d. We need private well construction standards and we need to encourage private well owners to get their water tested, identifiy problems with existing well construction, and aid in improving/fixing well construction issues - remember - "We All Live Downstream"



Friday, February 19, 2010

DEP revising oil and gas well regs

This is a reposting of an article- I think it is critical for citizens, professionals, and organizations to review and comment.

Public comment sought by March 2

PENNSYLVANIA — In efforts to provide better protection to Pennsylvania’s water resources, the state’s Department of Environmental Protection (DEP) is revising its existing rules for the construction of oil and gas wells and soliciting comments on the proposed revisions by March 2.

The proposed rulemaking would incorporate and update existing requirements, with modifications, regarding the drilling, casing, cementing, testing, monitoring and plugging of oil and gas wells.

The effects of unregulated drilling are still being addressed today. Last year, the DEP plugged 259 abandoned oil and gas wells located in the western and north-central regions of the state in nine counties. Many of the wells were leaking oil, acid mine drainage or natural gas.

The department has documented more than 8,600 wells throughout the state that were abandoned prior to the passage of modern oil and gas drilling regulations.

“Abandoned wells create passageways for pollution to enter and contaminate drinking water,” said DEP secretary John Hanger. “They also can allow natural gas to enter water supplies or build up in a home, which can create a dangerous enclosed space. Modern regulations require that wells be cased properly during use and sealed once they are taken out of service but, unfortunately, there are thousands of wells that were simply abandoned before people understood the dangers.”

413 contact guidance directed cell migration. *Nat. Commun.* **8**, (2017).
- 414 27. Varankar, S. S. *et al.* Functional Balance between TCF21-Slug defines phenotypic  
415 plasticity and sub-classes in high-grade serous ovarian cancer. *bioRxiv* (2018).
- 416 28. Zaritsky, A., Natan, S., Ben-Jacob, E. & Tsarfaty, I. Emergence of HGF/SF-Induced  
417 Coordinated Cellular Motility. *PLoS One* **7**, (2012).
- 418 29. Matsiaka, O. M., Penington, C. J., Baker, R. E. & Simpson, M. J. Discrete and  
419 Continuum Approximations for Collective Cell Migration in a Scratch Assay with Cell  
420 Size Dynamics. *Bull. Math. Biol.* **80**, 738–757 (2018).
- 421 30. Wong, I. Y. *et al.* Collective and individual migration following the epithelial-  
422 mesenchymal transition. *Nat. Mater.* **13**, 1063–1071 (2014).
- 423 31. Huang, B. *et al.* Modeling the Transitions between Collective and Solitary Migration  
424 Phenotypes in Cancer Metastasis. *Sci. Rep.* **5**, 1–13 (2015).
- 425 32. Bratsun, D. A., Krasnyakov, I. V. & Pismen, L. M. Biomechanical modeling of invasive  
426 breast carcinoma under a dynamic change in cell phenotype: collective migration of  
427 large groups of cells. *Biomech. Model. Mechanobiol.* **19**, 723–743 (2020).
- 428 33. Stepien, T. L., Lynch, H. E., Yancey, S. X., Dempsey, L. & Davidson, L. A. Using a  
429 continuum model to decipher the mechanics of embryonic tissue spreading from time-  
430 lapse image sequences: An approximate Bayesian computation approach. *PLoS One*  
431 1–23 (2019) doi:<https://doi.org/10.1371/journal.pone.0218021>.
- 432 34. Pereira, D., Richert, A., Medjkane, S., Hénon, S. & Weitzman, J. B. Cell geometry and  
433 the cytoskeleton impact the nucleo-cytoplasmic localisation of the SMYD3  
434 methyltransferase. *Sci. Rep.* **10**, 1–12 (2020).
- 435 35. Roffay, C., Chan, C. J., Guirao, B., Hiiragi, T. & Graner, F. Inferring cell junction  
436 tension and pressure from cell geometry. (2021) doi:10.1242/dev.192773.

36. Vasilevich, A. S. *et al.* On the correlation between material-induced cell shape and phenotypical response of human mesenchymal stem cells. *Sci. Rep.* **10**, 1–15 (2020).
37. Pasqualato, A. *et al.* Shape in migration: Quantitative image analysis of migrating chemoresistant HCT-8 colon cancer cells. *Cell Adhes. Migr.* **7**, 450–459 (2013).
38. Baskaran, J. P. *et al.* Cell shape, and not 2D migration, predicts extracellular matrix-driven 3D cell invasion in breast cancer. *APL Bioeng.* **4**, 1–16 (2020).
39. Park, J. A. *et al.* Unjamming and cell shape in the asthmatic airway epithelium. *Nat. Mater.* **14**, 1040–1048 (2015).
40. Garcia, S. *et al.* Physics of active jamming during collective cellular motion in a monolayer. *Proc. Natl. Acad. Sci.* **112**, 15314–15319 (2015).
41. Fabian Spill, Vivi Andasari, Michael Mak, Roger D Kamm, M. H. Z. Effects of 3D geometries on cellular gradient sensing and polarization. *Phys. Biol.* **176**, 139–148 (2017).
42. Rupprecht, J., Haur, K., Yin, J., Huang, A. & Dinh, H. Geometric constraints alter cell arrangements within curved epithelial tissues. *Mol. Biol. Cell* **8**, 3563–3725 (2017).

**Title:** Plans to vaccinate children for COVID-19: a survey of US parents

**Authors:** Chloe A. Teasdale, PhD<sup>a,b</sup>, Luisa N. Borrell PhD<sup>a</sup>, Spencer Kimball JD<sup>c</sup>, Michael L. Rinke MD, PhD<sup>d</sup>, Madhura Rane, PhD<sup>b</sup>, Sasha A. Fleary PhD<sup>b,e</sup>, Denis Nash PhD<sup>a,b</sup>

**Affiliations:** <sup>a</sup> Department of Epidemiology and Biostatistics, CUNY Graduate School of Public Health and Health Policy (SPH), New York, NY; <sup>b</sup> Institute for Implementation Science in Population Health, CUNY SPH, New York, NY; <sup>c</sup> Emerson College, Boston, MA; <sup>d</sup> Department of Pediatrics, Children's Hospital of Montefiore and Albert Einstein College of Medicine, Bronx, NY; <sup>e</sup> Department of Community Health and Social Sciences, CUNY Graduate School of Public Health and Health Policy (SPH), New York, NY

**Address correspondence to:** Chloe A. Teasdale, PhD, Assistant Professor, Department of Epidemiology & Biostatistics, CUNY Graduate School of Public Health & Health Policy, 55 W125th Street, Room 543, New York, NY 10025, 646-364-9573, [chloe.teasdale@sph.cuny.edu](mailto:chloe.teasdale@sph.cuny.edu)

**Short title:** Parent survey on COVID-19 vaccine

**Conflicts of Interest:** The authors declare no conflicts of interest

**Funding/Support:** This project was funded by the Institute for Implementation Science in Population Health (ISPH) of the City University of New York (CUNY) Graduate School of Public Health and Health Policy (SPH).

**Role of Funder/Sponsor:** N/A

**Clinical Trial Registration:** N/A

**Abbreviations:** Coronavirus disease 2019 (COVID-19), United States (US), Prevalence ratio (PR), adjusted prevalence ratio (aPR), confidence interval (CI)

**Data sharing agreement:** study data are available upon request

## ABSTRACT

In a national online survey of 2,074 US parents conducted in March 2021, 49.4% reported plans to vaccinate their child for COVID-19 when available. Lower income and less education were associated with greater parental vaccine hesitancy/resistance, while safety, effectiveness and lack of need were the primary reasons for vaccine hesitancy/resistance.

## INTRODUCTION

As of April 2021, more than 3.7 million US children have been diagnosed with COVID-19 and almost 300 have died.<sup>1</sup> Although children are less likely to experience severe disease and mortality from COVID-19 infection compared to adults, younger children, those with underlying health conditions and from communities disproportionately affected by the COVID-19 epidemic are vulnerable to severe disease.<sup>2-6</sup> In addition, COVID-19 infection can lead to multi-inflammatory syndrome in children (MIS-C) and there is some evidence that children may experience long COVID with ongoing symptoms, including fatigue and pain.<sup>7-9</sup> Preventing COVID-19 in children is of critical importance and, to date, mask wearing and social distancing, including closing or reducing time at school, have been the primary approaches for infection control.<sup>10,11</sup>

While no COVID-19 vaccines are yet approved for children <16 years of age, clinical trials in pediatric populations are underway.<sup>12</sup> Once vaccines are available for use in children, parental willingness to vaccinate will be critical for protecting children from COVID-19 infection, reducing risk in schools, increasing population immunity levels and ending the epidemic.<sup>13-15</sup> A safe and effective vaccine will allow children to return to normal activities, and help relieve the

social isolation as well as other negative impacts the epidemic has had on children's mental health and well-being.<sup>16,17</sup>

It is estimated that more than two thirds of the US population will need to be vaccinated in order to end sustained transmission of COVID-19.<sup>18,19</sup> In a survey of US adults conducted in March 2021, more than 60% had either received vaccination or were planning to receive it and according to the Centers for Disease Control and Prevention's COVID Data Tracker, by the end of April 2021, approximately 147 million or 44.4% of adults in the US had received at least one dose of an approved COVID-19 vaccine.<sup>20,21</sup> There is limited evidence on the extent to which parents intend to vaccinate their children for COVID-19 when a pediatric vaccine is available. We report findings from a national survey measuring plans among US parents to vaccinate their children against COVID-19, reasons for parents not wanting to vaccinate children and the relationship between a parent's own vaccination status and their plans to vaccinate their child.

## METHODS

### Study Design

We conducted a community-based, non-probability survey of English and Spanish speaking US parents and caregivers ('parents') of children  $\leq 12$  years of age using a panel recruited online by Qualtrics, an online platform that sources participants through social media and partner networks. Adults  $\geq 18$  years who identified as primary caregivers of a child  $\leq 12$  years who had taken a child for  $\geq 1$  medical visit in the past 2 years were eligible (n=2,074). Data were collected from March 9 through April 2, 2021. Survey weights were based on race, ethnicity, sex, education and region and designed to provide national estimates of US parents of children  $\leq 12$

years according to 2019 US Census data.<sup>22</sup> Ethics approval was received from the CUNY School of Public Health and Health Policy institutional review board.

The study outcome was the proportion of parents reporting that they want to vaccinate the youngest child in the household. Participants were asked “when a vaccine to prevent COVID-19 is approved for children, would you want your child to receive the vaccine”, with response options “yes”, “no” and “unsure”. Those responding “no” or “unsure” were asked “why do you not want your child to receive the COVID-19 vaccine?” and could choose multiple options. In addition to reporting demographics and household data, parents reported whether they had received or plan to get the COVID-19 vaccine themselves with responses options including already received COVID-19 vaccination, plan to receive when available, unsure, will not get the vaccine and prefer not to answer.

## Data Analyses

The costs to plug a well vary with its age, depth and the terrain in which it is found. Typically, DEP crews clear a site and clean or remove the old well. After casings are removed and the well bore is clear, the well is filled with grout or cement and other materials.

Funding for the state’s Abandoned and Orphan Well Plugging Program comes from surcharges on well-drilling permits and from the Growing Greener program.

According to the DEP, Pennsylvania has the highest number of abandoned wells in the Appalachian region and is one of the top five states nationally. Since the first commercial oil well was drilled in Pennsylvania in 1859, DEP estimates as many as 350,000 oil and gas wells have been drilled in the state, with many of those wells having been abandoned without proper plugging.

Locally, the Wayne Conservation District has begun investigating the locations of such wells in the county. To report an abandoned well, call 570/253-0930.

View the proposed changes to the gas and oil well regulations at

Written comments on the draft proposed rulemaking should be sent to the DEP, Bureau of Oil and Gas Management, P.O. Box 8765, Harrisburg, PA 17105-8765. Comments may also be submitted electronically to the department at

Is flowback and waste from gas drilling radioactive?

This is a reposting of an article writtent by Sharon Corderman - but I get this question alot.

Rewards and Risks of the Marcellus
Part I in a series
By Sharon Corderman
Published: Wednesday, February 17, 2010 2:46 PM CST

Claims have been made that the potential exists for some level of radioactive material to be in the wastewater and drill cuttings coming from the Marcellus shale. According to Peter Davies, professor of biology at Cornell University, New York’s Department of Environmental Conservation (DEC) reported that brine samples taken from 12 Marcellus wells that were actively producing gas last year came back with higher than expected levels of “NORM” - naturally occurring radioactive material. In fact, some brines were reported to have levels of radium-226 as high as 250 times the allowable level for discharge into the environment and thousands of times higher than the maximum allowed in drinking water.
The Penn State School of Forest Resources released a water guide for landowners in 2008 that warns that “gas well waste fluids usually contain levels of some pollutants that are far above levels considered safe for drinking water supplies. As a result, even small amounts of pollution from waste fluids can result in significant impacts to nearby drinking water supplies.” Bryan Swistock a Penn State water resources extension specialist who prepared the guide, said that there is not a large risk, “but the idea that there is no risk, which is what some people will say, is far from the truth.”